Tuesday, May 15, 2007

Web Poo Point Doh (Part Deux)

Why join MySpace or Friendster or Ryze or Bebo or Tribe or Facebook? If these fish are all in one barrel, but they aren't there for you to shoot at them, why are they there?

Well, the theory is to find people you know and find others like you. This 'like you' point may be work related, like any other professional networking group; or it may be more social, where your family and friends congregate to share news etc.; or it could even be a mix of the two, say a burlesque community where fans and performers meet.

In the case of Flickr and YouTube, folks join for the free hosting and then connect to others via common interests; you meet me because we are both uploading sexploitation film clips, for example.

Now, blogs and Flickr have much in common. Even if you are not participating in the whole befriending and posting bulletins to your friends, you have the opportunity to use your account to broadcast your content (writings and photos). If your goal (or dream) is to make a living with your content (be a professional writer or photographer), you can achieve this by using your account or space as a portfolio. However...

Simply publishing your content doesn't mean it will be seen. Remember the early days of the Internet? Just because you build it, doesn't mean they will come. This was said about every website to point out that having a site didn't mean you were automatically going to be found. The same is true of your blog, Flickr account, MySpace page, etc. You have to market in order to make sure you are found.

Where Web Poo Point Doh makes things 'easier' is that there are far more tools built into these accounts. Where once a website had to worry about banner advertising, link swaps, using text and meta tags to feed spiders and jousting with algorithms, social networking gives you tools. Tools which allow for more immediate connections within the community, such as befriending, and tools which allow for connections outside the community, such as tags.

The ease of connection is nice; but remember, now you are competing with all the other fish in these ponds.

Of the millions who join, participation falls into three categories: Big adopters, low adopters, and quitters.

Big adopters usually make these sites more than daily logins. But more importantly than how often they are there is the matter of what they do there. They are active not only in posting in blogs, commenting, sending messages etc., but in be-friending. They seek out more friends ~ ones they know, one's they'd like to know and even those they don't care to know but who add to their self-image buy increasing the number on their lists.

This is not just done by teenagers, companies (or corporate shills), but by adults who want to feel popular. It's all about them, and they are here to be seen. Big friend counts are the 'it' factor, and their befriending of you is to add to their experience, their total; not yours.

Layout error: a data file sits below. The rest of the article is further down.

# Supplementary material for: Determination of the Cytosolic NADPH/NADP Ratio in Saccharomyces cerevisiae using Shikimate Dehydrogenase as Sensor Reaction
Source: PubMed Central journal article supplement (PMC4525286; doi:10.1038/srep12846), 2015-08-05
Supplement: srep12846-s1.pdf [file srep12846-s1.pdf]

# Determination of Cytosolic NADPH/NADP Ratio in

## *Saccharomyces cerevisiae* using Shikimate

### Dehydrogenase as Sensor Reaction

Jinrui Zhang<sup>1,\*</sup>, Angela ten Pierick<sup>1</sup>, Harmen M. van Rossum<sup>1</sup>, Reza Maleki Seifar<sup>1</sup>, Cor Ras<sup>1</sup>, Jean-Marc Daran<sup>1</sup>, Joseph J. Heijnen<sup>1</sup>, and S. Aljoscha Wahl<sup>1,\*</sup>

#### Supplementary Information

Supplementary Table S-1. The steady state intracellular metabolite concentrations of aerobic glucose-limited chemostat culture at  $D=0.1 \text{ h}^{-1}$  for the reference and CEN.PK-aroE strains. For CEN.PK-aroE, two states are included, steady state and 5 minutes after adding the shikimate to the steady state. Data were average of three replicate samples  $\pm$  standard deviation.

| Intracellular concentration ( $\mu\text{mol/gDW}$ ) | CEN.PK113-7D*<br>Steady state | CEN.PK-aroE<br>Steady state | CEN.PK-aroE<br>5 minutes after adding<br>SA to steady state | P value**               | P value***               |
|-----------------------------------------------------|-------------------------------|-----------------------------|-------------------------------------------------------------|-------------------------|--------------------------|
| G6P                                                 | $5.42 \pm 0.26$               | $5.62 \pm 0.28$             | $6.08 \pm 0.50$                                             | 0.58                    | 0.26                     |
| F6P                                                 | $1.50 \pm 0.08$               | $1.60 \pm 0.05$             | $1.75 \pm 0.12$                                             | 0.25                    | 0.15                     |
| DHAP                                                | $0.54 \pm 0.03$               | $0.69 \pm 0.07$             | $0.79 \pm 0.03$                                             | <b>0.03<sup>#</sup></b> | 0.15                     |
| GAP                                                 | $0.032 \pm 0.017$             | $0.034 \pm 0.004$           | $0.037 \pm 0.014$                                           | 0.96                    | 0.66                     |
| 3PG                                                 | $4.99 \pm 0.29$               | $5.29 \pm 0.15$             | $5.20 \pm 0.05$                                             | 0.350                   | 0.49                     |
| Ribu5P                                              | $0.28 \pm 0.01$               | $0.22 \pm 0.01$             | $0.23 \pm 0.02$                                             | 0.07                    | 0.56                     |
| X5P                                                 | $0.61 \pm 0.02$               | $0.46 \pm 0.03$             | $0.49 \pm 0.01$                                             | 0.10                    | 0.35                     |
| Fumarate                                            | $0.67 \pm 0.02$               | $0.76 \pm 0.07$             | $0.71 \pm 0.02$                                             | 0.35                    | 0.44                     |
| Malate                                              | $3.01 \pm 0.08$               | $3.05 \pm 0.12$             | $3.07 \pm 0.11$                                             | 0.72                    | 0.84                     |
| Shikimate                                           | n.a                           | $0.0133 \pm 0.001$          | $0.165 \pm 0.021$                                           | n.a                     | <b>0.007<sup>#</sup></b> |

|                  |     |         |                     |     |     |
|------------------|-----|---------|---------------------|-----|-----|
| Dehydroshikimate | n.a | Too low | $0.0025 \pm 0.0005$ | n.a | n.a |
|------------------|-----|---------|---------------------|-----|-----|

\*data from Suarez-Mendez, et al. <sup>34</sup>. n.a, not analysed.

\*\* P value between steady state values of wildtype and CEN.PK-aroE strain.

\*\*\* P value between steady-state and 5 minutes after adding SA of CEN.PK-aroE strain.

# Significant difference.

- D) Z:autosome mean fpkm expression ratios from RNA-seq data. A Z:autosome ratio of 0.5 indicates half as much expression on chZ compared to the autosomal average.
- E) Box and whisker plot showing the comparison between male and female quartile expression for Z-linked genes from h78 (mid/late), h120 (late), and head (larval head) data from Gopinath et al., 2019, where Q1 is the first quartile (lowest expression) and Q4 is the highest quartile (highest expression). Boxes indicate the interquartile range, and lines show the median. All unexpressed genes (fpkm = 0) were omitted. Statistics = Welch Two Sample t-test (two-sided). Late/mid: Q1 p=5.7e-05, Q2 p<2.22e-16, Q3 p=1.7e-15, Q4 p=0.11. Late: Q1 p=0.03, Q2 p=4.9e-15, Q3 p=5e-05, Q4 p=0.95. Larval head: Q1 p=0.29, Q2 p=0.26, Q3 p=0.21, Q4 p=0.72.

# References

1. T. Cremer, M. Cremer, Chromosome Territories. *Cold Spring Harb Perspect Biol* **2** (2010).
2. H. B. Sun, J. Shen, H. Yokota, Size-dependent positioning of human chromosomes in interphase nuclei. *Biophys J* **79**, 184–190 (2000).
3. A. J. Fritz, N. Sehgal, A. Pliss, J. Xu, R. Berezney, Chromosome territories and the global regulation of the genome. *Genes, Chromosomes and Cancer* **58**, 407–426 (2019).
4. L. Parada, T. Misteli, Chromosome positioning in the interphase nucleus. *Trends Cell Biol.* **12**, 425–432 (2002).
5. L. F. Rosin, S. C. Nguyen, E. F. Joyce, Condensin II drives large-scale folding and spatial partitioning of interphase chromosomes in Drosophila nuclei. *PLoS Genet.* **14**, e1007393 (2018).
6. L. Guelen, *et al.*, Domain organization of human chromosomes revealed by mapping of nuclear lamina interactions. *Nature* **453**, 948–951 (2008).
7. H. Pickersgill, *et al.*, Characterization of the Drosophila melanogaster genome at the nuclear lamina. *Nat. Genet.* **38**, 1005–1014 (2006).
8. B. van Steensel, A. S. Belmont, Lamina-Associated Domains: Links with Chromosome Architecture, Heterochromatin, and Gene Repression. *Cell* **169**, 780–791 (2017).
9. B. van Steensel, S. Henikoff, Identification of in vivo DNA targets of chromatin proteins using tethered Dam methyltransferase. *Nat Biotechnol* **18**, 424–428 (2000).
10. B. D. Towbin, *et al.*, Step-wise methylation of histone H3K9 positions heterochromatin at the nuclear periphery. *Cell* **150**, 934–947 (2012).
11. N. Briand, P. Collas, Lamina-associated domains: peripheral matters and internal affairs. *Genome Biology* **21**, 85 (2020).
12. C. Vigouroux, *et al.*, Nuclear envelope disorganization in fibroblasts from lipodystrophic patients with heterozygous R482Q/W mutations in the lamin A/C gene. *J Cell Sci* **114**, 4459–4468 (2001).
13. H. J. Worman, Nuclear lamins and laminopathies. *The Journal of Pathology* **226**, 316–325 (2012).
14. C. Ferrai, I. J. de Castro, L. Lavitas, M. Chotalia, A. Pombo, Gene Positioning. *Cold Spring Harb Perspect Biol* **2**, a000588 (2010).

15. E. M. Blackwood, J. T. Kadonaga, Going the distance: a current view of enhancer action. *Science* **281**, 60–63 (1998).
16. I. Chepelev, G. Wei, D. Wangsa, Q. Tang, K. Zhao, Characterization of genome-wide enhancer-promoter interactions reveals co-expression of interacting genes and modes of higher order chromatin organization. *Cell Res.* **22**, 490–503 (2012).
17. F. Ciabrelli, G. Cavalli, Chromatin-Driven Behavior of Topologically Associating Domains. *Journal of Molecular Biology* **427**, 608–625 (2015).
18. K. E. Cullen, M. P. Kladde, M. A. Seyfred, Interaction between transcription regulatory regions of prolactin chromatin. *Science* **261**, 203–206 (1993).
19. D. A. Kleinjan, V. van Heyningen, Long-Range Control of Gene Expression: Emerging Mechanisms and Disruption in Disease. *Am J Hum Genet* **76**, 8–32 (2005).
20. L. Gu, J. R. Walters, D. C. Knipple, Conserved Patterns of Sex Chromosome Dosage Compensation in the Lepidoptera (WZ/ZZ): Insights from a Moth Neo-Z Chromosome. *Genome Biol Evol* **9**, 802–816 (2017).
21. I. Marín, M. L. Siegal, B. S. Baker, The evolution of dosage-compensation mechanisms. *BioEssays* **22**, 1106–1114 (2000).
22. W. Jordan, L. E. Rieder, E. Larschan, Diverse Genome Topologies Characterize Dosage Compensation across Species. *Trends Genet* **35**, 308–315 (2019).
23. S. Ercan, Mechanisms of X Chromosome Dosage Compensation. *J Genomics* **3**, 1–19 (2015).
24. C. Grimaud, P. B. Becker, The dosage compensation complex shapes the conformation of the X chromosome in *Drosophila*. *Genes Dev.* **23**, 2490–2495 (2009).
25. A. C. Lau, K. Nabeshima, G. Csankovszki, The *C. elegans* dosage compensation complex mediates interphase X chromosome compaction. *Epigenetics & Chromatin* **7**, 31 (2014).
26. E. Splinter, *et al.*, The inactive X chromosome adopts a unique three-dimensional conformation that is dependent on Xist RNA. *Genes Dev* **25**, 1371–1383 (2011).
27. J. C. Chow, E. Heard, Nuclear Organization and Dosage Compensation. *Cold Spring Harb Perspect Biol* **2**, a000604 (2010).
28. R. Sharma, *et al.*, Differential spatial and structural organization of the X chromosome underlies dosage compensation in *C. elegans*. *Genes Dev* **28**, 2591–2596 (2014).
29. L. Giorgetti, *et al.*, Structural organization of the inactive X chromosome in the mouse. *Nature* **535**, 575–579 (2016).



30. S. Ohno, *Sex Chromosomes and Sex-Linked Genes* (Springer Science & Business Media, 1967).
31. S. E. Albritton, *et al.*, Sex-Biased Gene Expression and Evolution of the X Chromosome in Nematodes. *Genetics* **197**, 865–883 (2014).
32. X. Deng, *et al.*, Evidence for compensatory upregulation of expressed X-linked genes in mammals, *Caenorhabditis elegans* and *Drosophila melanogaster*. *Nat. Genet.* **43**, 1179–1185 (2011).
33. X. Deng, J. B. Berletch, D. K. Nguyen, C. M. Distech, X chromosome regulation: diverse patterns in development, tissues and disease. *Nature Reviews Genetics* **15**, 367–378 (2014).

But a funny thing happens on the way to big numbers ~ participation declines. It has to. One cannot make daily comments on the pages of others when your total is 2,500. (And if they do, they use a tool to spam such 'comments' or their other activities such as blog postings diminish. There are only so many hours in a day.)

Along with this decrease in active 'social connection,' there is a decrease in active reading. In other words they don't have time to read what everyone else is posting, even if they were so inclined as to make this not about themselves. So whether they have 10 friends or 1,000, they really only read the same number of posts. (This means the same number of pages ~ and advertisements. Maybe even less ads because now they are either immune to them or quickly moving past them to try to squeeze in one more blog post before bed.)

Low adopters are people who use the site but really only to keep up with people they really know (in real life or very good online buddies). These folks tend to be more 'sincere' in their use of the site as they don't go for some friend number (score) but focus on real relationships, i.e., they read as much as they post. They are invested in the connections they have and are not interested in friendship number counts. This means that these people not only don't seek 'friendships' but are less likely to accept 'befriending.' They are a close-knit group and their mistrust of interlopers as "selling something" is very high.

Then there are quitters (I admit, I've been one at a few sites). Dissatisfied with the hype, bored with the business of befriending, annoyed by spamming and legit advertising, feeling that since none of their friends are active there anymore it's just not worth the time, or some combination thereof, they just stop participating.

What it really comes down to is this: The big adopters are too busy to pay attention to you, the low adopters are interested in staying connected to those they know and aren't interested in meeting you, many members are inactive, and you are simply one of them, trying to be heard/seen.

To Be Continued...

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